Primary vs Secondary hypertension: What’s the difference? • illuminaija
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Primary vs Secondary hypertension: What’s the difference?

Hypertension or high blood pressure is one of the most undermined health conditions.

Primary vs Secondary hypertension: What’s the difference?

In reality, hypertension is a severe cardiovascular problem that can even lead to a heart attack and turn fatal if left unmanaged.

In this condition, the heart works harder to pump blood out to different parts of the body. There are two types of hypertension, and their symptoms differ from each other- primary and secondary.

Primary hypertension
Also known as essential hypertension, primary hypertension accounts for 95 per cent of the total cases and is diagnosed mostly in adults. Several factors can lead to primary hypertension, but the exact cause is not yet known. As per research, it is thought to be a combination of genetics, lifestyle habits, weight management, smoking habits, sedentary lifestyle and stress level. Since the reason for the development of primary hypertension is unknown, it is essential to get it checked regularly.

Secondary hypertension
Secondary high blood pressure is caused by another medical condition that mostly affects our kidneys, arteries, heart or endocrine system. Other causes include obstruction of the airway during sleep, tumours of the adrenal glands, hormone abnormalities and too much salt or alcohol intake. Secondary hypertension can also be diagnosed during pregnancy. Unlike primary hypertension, secondary hypertension can be easily reversed. It accounts for only 5 to 10 per cent of the total cases of hypertension and is prevalent among those ages 18 to 40.

Symptoms of primary and secondary hypertension
Both primary and secondary hypertension do not show any symptoms in most cases. Even if the blood pressure level hits the highest mark, it can be hard to identify the signs without the help of a medical expert. In some cases, a person may experience frequent headaches, fatigue, vision problem and breathlessness. But there may be some indications to know you have secondary hypertension.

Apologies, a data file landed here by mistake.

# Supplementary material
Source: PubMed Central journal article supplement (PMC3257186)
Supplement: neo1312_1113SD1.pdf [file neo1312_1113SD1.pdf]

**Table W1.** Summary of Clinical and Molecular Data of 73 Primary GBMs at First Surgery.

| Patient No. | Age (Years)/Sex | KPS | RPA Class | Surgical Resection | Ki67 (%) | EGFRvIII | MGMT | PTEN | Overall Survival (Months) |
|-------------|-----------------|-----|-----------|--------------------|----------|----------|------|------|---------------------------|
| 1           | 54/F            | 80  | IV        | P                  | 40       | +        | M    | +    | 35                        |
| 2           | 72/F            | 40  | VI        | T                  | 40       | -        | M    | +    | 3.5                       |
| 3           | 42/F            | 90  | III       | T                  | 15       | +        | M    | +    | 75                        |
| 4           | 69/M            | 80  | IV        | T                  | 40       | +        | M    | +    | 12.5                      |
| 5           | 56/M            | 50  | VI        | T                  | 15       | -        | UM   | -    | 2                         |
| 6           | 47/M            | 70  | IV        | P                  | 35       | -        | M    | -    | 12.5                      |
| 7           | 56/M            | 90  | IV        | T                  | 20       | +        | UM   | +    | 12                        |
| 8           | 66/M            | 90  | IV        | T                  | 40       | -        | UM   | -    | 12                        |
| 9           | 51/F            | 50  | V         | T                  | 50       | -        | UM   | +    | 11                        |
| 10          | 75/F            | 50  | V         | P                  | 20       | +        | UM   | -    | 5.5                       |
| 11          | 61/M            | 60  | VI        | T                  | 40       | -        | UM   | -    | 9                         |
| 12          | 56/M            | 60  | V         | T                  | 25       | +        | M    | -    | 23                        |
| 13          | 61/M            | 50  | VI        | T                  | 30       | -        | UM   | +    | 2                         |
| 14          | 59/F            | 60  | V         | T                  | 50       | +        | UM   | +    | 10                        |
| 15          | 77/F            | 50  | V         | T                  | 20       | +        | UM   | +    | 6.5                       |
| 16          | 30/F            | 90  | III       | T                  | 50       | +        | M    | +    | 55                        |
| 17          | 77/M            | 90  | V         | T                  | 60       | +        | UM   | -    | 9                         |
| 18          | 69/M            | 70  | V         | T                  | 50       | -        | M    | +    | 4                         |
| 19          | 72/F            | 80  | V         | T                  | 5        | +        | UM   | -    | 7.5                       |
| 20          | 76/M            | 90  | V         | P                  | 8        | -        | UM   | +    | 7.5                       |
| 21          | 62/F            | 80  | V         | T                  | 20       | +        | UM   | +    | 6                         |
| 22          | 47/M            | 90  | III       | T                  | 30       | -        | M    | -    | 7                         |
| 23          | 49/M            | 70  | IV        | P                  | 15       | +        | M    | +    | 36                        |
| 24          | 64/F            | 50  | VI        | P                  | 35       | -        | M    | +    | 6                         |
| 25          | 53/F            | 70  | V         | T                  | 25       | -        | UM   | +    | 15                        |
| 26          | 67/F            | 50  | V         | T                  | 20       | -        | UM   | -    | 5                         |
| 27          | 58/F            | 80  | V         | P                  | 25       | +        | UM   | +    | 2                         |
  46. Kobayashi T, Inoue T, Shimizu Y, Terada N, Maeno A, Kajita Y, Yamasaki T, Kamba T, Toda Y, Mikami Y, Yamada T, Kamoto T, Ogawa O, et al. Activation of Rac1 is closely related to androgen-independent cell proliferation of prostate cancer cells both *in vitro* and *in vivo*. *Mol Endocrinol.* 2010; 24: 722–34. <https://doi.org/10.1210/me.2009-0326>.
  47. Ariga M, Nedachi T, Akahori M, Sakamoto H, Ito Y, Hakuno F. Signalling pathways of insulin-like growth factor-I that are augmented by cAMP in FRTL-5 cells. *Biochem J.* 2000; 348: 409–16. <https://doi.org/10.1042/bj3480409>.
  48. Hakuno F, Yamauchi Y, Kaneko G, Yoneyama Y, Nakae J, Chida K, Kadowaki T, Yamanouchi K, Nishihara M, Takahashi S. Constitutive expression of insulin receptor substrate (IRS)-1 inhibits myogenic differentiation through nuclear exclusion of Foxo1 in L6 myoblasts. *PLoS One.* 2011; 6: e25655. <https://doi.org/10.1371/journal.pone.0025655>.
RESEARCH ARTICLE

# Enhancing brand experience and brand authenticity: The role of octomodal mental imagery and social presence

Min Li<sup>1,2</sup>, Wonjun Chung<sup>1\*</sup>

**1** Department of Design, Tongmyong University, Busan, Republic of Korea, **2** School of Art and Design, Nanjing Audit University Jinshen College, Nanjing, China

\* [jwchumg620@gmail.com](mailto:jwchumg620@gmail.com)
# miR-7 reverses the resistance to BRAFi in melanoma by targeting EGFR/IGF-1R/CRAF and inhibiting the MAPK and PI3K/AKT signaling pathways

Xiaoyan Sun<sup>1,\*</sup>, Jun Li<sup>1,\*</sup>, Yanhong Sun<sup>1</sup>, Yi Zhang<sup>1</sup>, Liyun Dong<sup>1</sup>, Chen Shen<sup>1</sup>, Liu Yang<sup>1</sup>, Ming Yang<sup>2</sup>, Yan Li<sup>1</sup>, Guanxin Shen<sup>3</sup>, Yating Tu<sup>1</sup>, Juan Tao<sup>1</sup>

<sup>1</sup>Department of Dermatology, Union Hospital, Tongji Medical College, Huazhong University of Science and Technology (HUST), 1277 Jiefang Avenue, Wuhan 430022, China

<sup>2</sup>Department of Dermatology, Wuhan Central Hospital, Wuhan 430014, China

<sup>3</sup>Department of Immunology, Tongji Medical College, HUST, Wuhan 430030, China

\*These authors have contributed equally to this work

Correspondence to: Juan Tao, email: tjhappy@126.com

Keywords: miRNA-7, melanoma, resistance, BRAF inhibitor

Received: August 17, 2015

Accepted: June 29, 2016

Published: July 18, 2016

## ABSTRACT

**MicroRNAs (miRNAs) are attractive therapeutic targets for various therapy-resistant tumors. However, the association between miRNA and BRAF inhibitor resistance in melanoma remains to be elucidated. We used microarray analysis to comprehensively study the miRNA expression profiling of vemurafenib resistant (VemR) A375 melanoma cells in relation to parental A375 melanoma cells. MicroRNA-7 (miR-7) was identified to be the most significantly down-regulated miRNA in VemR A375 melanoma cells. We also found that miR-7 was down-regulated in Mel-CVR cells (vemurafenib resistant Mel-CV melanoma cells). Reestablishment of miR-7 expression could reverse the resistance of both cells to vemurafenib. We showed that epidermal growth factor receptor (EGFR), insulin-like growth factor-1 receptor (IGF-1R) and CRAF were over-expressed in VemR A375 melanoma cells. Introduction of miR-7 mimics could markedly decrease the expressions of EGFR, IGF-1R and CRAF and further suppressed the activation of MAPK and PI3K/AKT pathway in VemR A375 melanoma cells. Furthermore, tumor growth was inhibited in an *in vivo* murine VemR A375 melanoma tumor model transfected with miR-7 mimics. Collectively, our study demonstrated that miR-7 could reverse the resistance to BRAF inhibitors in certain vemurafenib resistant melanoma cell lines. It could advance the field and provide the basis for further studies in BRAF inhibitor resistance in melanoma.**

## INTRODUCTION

If your blood pressure doesn’t respond to medication it responded to previously
Your blood pressure is extremely high
No family history of high blood pressure
Not overweight or obese
Sudden onset of hypertension before age 30 or after 55
Other types of hypertension
Apart from these two basic types of hypertension, there are some subtypes that fit within the categories of primary or secondary hypertension. They may include:

Resistant hypertension: This type of hypertension is difficult to control and may require multiple medications. High blood pressure is called resistance when the blood pressure stays above your treatment level.

Malignant hypertension: Being diagnosed with this kind of hypertension is generally an emergency. The term is used to describe high blood pressure that can damage your organs.

Isolated hypertension: This type of hypertension is more common among older adults. In this, the systolic blood pressure is above 140 mm Hg and diastolic blood pressure is under 90 mm Hg.

What is considered high blood pressure?
The blood pressure monitoring machine reflects two numbers -systolic (the top number) and diastolic (the bottom number). The top number is for the pressure of the blood when the heart is contracting and the bottom number is for the pressure when the heart muscles relax. The blood pressure level is measured in millimetres of mercury (mm Hg) and is categorised like:

Low blood pressure: Systolic lower than 90 mm Hg or diastolic less than 60 mm Hg.

Normal: Systolic less than 120 and diastolic less than 80 mm Hg.

Elevated blood pressure: Systolic above 120 mm Hg or diastolic above 80 mm Hg.

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